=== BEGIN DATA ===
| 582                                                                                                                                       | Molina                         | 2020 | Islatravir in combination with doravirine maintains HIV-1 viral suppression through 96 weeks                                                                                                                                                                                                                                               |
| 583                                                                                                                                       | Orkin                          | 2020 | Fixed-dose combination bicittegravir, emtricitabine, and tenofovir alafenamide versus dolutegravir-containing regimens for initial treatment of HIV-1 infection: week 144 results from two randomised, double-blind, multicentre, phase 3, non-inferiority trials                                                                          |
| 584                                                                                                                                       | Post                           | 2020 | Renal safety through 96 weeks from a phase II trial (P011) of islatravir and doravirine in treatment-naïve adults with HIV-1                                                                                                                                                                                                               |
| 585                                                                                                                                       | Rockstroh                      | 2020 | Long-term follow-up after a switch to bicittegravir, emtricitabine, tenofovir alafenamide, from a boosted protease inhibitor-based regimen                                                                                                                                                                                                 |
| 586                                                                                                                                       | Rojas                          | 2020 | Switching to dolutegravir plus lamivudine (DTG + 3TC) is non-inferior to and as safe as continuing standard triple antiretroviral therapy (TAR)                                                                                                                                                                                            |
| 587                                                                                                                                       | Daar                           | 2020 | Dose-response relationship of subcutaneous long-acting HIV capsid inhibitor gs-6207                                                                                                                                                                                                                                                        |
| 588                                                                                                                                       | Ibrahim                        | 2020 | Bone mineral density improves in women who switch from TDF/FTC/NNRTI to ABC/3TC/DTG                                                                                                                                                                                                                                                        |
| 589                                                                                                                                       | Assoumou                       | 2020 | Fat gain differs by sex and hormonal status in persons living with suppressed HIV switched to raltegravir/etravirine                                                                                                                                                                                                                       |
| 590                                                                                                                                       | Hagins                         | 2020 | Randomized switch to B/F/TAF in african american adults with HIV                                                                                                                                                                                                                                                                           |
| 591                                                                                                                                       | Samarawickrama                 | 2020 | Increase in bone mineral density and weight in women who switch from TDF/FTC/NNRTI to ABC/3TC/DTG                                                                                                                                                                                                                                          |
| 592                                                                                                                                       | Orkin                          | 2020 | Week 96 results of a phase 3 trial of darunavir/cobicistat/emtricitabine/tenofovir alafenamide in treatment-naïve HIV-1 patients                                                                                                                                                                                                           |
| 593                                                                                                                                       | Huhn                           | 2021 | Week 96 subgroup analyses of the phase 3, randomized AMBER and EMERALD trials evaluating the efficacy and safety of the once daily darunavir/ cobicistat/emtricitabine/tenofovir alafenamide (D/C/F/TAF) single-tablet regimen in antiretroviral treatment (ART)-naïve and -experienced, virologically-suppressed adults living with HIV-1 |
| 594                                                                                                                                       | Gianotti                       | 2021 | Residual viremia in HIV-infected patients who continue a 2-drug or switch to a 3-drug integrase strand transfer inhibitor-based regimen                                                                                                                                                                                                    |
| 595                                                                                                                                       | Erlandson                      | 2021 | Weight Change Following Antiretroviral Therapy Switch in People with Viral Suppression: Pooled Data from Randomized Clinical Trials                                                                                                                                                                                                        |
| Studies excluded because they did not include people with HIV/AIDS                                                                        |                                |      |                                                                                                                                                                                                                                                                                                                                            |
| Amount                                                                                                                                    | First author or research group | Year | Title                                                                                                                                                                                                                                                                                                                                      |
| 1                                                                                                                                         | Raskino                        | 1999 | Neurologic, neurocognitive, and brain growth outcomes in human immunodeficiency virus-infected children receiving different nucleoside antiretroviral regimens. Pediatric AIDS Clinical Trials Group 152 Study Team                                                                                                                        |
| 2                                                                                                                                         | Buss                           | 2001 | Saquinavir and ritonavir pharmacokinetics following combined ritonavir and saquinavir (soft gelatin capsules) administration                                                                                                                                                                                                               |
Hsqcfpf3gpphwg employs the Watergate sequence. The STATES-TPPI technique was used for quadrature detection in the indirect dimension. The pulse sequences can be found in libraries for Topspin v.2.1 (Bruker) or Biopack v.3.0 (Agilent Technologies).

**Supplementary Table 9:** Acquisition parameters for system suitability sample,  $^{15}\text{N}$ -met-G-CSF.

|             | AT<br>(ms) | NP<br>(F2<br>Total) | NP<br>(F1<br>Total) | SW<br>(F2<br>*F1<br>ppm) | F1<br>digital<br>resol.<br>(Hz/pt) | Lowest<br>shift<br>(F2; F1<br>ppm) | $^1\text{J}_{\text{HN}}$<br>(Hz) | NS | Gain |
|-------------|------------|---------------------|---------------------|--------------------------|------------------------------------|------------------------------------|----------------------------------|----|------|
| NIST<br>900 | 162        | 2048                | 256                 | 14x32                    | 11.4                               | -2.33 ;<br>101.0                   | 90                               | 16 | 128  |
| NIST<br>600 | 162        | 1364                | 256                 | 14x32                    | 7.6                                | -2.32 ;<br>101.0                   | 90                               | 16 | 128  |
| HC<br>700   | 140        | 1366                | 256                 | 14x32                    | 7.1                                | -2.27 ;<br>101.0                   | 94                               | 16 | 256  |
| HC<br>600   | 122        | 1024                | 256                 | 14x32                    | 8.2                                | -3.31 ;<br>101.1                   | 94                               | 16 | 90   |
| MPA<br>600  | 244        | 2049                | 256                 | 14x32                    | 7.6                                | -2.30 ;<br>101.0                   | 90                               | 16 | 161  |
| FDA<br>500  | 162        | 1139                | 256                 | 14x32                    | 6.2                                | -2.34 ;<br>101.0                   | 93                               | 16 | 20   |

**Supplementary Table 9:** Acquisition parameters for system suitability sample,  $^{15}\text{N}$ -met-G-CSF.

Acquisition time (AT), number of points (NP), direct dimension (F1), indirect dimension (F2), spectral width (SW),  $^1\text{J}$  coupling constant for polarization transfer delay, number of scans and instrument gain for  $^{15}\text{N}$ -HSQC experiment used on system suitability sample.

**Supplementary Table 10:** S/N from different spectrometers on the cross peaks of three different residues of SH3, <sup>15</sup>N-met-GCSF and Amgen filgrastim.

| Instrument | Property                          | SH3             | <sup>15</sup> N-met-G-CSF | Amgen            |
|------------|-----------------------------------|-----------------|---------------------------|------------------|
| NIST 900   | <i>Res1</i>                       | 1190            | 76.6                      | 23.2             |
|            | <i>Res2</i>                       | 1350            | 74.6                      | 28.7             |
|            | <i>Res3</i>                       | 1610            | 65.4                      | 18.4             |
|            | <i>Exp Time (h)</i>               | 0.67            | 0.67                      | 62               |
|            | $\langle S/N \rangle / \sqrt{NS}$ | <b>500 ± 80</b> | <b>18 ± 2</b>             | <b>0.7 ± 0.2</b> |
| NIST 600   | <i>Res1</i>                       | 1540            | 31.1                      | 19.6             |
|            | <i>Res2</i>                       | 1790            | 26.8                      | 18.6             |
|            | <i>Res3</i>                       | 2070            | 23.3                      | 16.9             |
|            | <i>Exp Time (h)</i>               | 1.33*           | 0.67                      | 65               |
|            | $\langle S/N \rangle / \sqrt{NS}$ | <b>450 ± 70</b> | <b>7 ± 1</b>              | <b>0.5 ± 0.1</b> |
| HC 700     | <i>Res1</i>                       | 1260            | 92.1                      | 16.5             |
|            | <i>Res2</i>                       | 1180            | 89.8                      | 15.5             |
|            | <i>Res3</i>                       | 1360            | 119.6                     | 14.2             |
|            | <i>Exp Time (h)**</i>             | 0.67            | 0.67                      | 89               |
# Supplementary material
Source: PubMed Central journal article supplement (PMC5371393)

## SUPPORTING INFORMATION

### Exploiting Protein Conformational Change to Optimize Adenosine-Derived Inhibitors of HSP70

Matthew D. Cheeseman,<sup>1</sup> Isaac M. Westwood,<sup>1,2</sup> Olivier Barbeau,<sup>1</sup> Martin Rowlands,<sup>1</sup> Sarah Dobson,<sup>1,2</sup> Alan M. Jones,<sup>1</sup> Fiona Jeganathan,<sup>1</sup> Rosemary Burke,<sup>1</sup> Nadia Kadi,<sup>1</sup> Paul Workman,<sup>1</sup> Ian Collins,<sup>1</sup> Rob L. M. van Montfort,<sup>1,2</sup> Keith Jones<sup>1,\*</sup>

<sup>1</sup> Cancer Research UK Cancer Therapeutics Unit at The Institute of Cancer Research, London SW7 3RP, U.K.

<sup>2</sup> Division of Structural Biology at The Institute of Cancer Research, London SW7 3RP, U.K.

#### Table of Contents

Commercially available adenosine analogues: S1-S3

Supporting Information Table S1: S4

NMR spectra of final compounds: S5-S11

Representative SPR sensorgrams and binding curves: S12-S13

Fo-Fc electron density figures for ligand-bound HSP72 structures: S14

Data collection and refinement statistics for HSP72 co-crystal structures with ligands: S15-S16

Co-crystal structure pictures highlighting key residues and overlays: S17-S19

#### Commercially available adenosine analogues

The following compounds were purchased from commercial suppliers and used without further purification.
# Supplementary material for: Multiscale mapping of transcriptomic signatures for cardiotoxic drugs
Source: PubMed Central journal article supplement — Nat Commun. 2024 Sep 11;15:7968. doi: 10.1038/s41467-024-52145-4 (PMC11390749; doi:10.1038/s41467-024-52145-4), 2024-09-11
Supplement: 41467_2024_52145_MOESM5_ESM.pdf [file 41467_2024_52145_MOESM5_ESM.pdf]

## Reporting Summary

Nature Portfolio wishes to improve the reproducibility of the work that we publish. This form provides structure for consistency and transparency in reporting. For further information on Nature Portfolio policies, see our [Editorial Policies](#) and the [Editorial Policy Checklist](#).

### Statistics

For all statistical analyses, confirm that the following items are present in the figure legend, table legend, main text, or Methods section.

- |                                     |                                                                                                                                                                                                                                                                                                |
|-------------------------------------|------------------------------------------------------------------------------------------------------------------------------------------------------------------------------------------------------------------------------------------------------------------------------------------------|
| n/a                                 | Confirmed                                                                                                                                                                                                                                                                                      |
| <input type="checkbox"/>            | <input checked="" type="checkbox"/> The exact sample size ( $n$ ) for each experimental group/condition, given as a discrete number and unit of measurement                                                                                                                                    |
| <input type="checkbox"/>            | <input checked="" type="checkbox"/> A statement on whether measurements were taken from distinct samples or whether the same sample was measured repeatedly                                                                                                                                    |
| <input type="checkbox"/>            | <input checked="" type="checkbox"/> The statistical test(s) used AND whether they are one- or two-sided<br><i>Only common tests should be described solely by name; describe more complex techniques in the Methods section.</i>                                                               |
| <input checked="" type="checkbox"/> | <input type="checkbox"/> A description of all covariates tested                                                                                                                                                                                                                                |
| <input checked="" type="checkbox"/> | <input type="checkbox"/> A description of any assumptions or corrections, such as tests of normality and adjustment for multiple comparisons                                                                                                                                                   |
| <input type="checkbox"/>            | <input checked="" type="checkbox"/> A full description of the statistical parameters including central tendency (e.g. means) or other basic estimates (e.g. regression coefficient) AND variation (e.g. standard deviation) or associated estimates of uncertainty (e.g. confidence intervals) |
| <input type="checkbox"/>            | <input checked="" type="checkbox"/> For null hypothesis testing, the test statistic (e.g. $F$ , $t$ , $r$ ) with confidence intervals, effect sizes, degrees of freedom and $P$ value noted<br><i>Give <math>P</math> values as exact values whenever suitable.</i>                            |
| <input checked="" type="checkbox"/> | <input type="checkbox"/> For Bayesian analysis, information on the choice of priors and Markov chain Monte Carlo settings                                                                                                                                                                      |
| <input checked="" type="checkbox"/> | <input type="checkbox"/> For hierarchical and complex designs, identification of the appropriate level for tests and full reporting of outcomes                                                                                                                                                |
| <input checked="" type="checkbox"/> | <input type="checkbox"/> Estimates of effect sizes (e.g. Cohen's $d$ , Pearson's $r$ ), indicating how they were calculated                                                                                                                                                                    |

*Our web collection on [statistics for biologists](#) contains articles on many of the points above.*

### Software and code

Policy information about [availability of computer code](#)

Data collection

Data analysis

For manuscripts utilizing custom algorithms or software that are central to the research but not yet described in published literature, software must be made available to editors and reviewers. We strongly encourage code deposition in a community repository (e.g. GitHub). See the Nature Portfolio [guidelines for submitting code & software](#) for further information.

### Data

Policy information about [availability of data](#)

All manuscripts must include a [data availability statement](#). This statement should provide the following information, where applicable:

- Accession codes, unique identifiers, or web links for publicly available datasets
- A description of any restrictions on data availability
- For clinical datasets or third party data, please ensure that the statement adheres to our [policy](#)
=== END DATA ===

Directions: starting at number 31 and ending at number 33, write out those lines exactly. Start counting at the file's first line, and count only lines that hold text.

**Supplementary Table 10:** S/N from different spectrometers on the cross peaks of three different residues of SH3, <sup>15</sup>N-met-GCSF and Amgen filgrastim.

| Instrument | Property                          | SH3             | <sup>15</sup> N-met-G-CSF | Amgen            |
|------------|-----------------------------------|-----------------|---------------------------|------------------|